Many complex flooring problems can be avoided if one key step is included during the installation process, or rather before the flooring installer gets started gluing, fitting or cutting flooring material. What is this crucial step? Read the Installation Instructions!
Makers of floors, flooring adhesives, patching and leveling compounds and concrete moisture mitigation systems have a common thread in that each, on their branded product labels, inserts, packaging and/or websites, provide documented instructions for flooring installation. Most of these instructions, for successfully laying a floor, share the same logic in their detailed, easy to read, step by step directions that must be followed to ensure a quality installation of resilient flooring.
The directions, that accompany new sheet vinyl, lvt plank or vct flooring, are created after extensive research and development including industry standard tests, in-house and field applications, and then a broader beta test to best ensure that directions can be correctly interpreted before going to the marketplace. This is true for all types of floors including vinyl, cork, rubber and non-pvc floors. Typical hard surface flooring instructions will include detailed specs for adhesives or tools to use in the installation process. These important documents only hold true value when the person contracted to install the floor reads them, prior to installation. Floor covering installation instructions are considered the ‘Holy Grail of the flooring industry.’ Manufacturers of flooring material will reject a defective claim when it’s evident that the flooring installer did not follow their published installation instructions. For a flooring company to figure out if directions were followed during installation, some investigating must be done. That’s where I come in.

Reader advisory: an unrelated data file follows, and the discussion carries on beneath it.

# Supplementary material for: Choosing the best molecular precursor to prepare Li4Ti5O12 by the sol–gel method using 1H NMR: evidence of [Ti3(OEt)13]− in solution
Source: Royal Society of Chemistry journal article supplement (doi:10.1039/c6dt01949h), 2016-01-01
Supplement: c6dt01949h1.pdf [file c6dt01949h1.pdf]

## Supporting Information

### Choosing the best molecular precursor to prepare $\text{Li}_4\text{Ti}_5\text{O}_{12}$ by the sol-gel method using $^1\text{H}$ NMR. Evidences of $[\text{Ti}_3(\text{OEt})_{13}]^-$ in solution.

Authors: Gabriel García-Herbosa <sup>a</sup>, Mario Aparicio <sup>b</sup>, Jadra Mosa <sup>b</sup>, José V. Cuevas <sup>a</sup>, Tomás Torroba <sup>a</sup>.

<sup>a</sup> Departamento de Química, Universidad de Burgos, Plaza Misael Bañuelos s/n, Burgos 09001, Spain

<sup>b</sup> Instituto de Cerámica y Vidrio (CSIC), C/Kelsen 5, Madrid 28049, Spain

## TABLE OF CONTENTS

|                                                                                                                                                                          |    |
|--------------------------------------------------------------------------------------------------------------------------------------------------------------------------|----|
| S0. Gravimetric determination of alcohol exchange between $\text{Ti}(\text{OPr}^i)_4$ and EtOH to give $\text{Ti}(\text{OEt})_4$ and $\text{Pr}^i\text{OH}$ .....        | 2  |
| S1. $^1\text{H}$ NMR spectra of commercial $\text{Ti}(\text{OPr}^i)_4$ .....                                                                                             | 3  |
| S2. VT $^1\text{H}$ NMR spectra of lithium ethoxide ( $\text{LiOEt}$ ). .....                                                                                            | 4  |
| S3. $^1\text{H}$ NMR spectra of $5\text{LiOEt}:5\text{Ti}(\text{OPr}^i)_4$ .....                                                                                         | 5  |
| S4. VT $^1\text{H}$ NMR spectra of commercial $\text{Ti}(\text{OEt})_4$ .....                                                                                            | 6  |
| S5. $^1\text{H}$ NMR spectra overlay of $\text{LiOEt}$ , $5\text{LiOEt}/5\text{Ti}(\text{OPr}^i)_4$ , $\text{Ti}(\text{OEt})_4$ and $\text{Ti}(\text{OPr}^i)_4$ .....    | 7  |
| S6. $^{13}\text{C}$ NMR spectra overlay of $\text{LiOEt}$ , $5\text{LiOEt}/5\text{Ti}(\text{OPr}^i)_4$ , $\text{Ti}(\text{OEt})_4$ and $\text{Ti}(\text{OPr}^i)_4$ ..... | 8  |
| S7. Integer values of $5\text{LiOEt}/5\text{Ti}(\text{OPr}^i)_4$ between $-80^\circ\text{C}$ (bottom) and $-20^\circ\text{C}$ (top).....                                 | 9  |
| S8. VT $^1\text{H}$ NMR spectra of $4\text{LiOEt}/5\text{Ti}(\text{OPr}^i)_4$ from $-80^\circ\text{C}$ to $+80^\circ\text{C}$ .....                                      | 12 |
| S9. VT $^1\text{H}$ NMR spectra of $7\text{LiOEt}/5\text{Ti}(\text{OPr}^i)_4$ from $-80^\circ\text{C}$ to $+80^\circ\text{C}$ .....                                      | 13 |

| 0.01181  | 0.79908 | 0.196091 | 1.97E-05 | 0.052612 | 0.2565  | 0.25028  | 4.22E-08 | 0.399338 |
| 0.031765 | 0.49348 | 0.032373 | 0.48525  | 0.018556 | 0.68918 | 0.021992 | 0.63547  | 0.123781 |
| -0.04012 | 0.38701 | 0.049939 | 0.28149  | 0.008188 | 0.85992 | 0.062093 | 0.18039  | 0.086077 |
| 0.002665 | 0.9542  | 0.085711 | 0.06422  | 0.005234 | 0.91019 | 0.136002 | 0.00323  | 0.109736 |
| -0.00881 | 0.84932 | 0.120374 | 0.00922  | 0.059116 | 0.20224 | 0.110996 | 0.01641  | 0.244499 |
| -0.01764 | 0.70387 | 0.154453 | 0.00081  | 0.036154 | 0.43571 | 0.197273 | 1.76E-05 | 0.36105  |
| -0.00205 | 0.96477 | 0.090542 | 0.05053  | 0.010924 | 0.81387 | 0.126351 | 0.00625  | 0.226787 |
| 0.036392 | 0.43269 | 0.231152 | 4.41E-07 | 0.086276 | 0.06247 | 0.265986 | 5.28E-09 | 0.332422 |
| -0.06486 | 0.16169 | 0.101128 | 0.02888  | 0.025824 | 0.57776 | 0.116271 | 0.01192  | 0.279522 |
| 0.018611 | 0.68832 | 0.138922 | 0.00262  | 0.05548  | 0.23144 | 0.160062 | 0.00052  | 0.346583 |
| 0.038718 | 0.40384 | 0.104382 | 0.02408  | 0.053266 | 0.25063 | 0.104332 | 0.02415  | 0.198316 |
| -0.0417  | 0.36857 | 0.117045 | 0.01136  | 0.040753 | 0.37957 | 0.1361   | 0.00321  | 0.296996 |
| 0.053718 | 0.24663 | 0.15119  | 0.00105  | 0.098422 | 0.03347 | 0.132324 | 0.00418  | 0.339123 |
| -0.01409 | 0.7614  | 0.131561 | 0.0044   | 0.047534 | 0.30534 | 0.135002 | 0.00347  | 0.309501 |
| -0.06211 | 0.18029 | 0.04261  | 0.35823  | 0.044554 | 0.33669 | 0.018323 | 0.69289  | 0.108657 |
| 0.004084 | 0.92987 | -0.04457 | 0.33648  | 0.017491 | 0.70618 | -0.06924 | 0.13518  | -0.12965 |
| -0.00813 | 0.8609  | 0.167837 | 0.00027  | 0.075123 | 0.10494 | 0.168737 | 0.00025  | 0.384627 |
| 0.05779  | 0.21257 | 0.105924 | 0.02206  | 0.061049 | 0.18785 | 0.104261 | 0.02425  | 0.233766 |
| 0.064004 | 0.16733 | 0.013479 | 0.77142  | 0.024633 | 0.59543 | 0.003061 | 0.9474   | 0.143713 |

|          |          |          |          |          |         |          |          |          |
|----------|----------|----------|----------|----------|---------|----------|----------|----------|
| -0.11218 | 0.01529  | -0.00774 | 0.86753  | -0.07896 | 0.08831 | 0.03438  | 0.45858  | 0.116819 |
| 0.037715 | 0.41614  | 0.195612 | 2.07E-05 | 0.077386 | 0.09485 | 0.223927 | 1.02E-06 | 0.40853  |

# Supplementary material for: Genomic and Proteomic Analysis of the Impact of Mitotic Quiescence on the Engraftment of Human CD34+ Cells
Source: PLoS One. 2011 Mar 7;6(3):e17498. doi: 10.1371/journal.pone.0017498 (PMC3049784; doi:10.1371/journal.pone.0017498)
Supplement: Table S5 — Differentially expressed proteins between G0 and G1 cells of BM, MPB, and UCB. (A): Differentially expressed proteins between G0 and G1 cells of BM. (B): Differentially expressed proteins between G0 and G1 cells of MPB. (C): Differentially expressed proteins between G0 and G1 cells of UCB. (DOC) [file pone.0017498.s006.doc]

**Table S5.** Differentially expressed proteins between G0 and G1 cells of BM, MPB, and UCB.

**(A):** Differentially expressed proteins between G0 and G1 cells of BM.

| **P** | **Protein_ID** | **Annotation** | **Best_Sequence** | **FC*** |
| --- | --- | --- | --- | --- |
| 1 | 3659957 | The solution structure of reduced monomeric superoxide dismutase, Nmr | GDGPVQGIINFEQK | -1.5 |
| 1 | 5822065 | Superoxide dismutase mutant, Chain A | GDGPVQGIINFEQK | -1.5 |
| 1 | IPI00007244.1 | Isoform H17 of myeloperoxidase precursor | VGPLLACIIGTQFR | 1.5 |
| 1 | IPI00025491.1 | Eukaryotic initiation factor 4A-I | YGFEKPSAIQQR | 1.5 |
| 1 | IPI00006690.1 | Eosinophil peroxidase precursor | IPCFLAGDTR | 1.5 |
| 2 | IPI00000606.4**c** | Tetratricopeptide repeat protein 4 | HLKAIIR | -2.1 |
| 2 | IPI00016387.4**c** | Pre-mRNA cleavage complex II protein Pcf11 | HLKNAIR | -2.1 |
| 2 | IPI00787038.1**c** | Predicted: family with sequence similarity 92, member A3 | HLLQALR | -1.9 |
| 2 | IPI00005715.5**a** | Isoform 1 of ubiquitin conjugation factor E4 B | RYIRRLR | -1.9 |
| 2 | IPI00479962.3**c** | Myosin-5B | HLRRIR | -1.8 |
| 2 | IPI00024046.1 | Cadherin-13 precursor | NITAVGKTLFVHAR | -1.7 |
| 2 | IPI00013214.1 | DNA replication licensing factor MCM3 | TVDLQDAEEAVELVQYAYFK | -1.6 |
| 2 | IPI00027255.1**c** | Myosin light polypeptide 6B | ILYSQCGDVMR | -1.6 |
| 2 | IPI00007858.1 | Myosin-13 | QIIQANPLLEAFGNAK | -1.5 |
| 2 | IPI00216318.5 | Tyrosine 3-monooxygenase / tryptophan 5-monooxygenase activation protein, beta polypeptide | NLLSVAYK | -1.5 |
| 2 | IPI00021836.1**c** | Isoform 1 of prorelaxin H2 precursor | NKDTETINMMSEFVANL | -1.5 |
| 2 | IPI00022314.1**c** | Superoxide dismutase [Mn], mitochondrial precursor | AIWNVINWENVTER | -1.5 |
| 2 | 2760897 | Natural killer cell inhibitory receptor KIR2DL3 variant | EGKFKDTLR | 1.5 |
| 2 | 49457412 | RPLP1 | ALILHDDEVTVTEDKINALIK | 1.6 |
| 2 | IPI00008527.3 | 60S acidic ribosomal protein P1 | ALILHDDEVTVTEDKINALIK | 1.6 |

On a recent assignment to look at, what was claimed to be, a defective non-pvc sheet floor due to bonding issues, I found that four different types of adhesives were evident in defined trowel ridges when I pulled back a section of flooring. Among the adhesives was a black emulsion that typically signifies black cutback adhesive- which up until 1984 contained asbestos and post 1984 proved ineffective as a water-based adhesive without the asbestos, so either way it was bad. Thankfully, the cutback adhesive on this floor did not contain asbestos according to the laboratory test that were subsequently done. Based on evidence, found while inspecting the subfloor and underside of the sheet flooring, it was apparent that the contractor had applied carpet adhesive (definitely not recommended) over three other existing adhesives and he failed to mechanically remove pre-existing adhesive. None of this is in accordance with manufacturer install directions. After reading, not one but, three sets of flooring-related installation instructions from the flooring manufacturer, adhesive supplier and floor-patch compound company, it was discovered that the recommended adhesive had actually been purchased yet was not used. None of the four adhesives found on the underside of the laid non-pvc sheet matched the recommended adhesive. With this knowledge in hand, we were able to determine that nothing was wrong with the flooring material and that the cause of adhesive bond failure was that the wrong adhesive was used for this flooring job. Ironically, even the incorrectly applied premium carpet adhesive stated on the product label stated, “Restriction: DO NOT install over adhesive residue including cutback.”